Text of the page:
APOBEC3C tandem domain proteins create super restriction factors against HIV-1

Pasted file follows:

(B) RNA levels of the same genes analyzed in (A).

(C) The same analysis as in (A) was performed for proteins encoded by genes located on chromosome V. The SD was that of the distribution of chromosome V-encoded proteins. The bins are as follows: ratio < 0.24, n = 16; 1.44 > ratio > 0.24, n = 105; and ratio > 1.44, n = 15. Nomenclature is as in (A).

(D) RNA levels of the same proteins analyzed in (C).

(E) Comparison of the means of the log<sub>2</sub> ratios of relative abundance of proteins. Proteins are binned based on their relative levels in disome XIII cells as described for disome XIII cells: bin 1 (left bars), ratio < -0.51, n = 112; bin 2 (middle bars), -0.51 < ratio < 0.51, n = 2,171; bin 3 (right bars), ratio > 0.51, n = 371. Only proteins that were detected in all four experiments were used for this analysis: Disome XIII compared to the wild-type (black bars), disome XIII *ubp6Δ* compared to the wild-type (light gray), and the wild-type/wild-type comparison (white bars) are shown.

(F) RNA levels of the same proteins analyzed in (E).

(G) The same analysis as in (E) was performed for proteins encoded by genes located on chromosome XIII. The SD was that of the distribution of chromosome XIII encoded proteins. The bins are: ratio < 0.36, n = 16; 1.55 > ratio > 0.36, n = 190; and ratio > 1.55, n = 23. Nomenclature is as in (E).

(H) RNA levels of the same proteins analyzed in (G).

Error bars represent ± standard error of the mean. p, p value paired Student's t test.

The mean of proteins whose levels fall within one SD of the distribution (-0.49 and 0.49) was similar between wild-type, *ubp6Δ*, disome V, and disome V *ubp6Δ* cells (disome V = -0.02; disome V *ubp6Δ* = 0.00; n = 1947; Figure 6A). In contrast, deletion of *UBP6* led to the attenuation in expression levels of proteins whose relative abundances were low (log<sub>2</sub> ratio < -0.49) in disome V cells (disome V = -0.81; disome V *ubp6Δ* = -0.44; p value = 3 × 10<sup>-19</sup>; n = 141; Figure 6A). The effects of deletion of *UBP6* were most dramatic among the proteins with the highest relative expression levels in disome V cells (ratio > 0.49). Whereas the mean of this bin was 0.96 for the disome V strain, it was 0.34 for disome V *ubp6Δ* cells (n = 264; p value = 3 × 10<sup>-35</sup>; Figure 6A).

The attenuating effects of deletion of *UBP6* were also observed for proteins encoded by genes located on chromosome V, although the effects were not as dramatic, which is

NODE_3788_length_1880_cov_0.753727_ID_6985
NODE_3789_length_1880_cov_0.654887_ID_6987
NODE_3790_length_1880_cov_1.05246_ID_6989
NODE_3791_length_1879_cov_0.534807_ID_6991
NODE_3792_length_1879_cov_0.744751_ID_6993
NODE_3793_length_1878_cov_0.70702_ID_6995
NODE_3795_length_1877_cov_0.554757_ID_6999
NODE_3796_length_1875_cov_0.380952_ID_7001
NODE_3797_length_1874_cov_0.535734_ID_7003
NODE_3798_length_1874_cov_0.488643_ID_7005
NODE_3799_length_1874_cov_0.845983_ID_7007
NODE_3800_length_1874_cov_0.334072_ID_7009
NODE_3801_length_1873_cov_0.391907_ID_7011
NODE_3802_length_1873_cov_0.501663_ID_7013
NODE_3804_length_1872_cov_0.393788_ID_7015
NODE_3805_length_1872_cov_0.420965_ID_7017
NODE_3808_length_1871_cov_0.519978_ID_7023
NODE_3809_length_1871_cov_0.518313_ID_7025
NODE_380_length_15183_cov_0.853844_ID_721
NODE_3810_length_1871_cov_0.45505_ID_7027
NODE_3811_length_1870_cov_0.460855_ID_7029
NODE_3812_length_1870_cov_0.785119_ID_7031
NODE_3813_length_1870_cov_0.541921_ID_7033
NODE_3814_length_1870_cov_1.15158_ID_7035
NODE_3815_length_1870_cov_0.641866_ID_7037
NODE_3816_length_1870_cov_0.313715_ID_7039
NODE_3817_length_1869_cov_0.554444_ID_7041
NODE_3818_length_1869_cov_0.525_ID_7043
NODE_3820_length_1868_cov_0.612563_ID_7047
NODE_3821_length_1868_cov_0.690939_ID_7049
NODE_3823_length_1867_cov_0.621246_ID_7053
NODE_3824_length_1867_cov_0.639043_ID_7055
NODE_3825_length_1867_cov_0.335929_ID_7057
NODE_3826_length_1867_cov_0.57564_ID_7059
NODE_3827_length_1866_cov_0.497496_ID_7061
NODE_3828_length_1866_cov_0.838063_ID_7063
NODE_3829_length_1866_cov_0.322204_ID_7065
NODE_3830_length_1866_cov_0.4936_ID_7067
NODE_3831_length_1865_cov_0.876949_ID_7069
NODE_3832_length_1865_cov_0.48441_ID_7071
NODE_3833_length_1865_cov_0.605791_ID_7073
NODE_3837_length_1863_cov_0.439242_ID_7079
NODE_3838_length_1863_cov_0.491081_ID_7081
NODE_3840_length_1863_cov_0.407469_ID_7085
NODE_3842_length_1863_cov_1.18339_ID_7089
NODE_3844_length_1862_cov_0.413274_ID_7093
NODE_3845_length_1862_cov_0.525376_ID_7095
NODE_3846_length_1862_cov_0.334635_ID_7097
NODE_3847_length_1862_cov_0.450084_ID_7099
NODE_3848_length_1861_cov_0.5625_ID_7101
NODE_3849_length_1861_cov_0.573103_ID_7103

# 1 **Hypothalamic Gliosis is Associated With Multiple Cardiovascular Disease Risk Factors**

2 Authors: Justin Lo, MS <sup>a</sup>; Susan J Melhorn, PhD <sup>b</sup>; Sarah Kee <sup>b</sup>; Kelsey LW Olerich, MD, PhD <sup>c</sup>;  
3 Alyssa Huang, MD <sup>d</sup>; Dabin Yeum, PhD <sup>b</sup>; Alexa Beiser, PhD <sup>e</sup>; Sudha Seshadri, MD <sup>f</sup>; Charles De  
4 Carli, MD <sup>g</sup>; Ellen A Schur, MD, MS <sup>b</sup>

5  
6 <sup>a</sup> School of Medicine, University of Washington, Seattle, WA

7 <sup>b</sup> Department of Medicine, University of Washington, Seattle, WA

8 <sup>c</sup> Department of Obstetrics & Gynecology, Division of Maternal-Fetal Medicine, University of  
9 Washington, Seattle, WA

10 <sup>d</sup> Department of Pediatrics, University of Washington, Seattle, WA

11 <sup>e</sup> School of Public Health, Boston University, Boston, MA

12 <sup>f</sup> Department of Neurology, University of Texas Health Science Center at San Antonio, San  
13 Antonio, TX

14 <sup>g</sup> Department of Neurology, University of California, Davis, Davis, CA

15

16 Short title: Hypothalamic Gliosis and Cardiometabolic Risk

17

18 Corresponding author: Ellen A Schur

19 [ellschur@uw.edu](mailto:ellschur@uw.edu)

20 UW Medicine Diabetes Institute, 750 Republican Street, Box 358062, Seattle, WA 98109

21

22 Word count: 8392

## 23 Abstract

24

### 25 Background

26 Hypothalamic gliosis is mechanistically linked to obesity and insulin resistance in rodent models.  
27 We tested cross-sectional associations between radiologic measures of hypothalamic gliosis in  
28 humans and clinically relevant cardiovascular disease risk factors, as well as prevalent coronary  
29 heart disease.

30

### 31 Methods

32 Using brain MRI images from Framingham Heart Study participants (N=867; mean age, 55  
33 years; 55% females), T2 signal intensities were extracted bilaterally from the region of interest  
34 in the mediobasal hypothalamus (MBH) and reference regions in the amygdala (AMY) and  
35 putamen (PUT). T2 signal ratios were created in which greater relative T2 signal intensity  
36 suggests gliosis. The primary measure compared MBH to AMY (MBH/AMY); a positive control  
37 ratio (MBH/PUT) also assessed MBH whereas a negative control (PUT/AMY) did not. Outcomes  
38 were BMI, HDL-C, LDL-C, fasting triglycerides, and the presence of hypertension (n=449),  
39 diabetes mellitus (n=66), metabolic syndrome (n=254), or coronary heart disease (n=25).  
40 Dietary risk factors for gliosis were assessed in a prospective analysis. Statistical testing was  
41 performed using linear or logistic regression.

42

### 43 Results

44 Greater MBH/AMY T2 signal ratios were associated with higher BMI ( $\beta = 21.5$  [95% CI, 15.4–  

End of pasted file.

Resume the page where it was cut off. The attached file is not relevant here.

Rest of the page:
Humans encode proteins, called restriction factors, that inhibit replication of viruses like HIV-1. One family of antiviral proteins, apolipoprotein B mRNA-editing enzyme catalytic polypeptide-like 3 (APOBEC3, shortened to A3) acts by deaminating cytidines to uridines during the reverse transcription reaction of HIV-1. The A3 locus encodes seven genes, named A3A-A3H. These genes either have one or two cytidine deaminase domains and several of these A3s potently restrict HIV-1. A3C, which has only a single cytidine deaminase domain, however, inhibits HIV-1 only very weakly. We tested novel double domain protein combinations by genetically linking two A3C genes to make a synthetic tandem domain protein. This protein created a 'super restriction factor' that had more potent antiviral activity than the native A3C protein, which correlated with increased packaging into virions. Furthermore, disabling one of the active sites of the synthetic tandem domain protein results in an even greater increase in the antiviral activity-recapitulating a similar evolution seen in A3F and A3G (double domain A3s that only use a single catalytically active deaminase domain). These A3C tandem domain proteins do not have an increase in mutational activity, but instead inhibit formation of reverse transcription products which correlates with their ability to form large higher order complexes in cells. Finally, the A3C-A3C super restriction factor largely escaped antagonism by the HIV-1 viral protein, Vif.
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